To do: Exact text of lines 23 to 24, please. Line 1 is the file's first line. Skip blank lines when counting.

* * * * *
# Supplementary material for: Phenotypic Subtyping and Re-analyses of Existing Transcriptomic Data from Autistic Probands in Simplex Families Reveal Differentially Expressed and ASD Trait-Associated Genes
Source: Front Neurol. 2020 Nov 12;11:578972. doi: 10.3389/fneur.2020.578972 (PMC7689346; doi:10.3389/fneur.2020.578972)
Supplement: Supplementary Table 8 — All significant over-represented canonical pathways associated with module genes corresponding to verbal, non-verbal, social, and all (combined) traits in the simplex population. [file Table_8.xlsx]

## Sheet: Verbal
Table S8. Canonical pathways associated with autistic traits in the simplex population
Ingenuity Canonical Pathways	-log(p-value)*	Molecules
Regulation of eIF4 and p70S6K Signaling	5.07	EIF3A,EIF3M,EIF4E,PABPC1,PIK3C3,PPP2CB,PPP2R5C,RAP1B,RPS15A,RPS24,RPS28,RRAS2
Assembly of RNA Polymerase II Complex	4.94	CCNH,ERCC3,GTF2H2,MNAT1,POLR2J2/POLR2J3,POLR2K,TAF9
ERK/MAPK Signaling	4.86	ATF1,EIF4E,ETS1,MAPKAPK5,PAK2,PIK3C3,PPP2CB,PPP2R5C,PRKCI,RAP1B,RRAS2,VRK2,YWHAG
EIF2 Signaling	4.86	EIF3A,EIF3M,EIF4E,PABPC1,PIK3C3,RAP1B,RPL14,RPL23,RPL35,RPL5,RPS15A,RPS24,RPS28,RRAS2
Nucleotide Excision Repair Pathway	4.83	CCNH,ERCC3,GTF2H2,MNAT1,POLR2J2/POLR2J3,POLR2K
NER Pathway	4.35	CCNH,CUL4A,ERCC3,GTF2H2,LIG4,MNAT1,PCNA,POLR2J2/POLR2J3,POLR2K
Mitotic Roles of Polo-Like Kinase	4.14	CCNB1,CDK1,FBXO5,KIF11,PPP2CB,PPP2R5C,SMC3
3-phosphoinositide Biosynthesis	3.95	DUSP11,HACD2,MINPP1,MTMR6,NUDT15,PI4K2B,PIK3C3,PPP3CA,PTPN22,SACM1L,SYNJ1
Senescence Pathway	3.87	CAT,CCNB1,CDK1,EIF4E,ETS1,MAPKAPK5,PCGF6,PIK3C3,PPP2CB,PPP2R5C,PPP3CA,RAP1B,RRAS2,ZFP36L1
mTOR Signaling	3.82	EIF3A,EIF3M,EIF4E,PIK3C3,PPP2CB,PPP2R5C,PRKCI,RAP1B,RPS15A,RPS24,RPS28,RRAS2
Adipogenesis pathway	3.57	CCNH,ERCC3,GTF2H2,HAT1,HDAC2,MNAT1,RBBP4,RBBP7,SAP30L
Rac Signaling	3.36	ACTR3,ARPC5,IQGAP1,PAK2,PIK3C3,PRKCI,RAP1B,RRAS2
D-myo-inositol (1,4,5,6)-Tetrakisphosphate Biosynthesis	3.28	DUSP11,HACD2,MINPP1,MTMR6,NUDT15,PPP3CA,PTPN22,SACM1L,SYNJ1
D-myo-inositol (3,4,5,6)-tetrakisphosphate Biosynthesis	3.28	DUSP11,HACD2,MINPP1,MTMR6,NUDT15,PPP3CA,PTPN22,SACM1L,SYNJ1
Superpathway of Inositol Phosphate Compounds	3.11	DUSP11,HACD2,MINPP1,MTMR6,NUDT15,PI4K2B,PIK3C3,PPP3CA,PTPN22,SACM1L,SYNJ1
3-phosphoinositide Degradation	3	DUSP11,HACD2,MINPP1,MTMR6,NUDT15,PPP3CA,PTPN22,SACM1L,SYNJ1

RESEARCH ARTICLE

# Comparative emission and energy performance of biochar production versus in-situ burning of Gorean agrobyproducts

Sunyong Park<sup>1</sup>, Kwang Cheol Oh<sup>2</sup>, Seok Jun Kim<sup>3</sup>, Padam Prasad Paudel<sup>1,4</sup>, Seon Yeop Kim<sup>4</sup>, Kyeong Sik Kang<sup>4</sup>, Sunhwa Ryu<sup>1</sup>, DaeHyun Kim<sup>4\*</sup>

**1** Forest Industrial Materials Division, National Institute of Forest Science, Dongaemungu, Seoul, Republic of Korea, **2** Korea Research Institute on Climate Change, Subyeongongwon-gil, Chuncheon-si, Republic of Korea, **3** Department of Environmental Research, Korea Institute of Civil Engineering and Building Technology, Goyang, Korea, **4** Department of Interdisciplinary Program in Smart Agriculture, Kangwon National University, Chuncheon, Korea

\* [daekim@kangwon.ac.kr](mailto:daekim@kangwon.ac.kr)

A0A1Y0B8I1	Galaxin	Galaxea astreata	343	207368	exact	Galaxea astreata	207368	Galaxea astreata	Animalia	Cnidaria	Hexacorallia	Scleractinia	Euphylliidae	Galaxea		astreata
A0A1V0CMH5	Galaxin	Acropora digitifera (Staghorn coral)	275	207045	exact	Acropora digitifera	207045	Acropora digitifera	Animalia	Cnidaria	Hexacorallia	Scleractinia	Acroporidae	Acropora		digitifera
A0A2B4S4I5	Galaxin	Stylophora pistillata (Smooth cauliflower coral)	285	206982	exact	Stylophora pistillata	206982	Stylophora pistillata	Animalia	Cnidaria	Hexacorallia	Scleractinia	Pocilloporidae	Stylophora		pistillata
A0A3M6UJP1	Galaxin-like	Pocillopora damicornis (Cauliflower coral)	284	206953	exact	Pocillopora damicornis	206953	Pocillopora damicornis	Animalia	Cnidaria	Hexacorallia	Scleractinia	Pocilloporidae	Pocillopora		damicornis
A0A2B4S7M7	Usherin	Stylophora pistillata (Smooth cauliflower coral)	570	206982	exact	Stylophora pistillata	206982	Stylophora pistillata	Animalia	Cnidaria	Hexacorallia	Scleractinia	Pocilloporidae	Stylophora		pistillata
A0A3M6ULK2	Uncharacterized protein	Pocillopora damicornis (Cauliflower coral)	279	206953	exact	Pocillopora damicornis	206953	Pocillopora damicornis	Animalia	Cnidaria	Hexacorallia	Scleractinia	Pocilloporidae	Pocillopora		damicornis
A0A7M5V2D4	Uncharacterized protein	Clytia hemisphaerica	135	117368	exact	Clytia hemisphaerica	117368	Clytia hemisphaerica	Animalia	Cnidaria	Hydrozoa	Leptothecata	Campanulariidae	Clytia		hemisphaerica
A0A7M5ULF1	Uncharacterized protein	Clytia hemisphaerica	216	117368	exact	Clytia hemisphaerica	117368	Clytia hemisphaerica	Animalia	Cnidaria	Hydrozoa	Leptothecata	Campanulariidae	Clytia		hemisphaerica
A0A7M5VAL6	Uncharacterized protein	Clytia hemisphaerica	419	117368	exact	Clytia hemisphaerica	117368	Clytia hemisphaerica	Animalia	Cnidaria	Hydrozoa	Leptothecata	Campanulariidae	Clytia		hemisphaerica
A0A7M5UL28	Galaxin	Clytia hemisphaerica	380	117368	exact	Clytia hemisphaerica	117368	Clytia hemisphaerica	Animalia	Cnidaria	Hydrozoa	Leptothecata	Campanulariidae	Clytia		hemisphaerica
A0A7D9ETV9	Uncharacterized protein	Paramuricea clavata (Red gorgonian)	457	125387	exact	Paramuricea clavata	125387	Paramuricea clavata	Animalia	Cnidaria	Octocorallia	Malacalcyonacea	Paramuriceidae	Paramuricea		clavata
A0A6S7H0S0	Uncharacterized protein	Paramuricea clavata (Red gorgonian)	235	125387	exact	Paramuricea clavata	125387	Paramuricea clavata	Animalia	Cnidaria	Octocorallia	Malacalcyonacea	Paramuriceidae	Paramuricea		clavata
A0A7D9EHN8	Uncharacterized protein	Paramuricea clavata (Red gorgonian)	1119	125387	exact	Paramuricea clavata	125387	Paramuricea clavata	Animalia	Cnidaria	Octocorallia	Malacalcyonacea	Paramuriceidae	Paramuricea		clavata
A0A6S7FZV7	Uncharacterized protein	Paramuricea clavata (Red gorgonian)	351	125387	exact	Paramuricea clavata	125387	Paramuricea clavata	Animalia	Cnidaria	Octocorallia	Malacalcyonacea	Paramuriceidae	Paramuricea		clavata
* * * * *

RESEARCH ARTICLE

# Comparative emission and energy performance of biochar production versus in-situ burning of Gorean agrobyproducts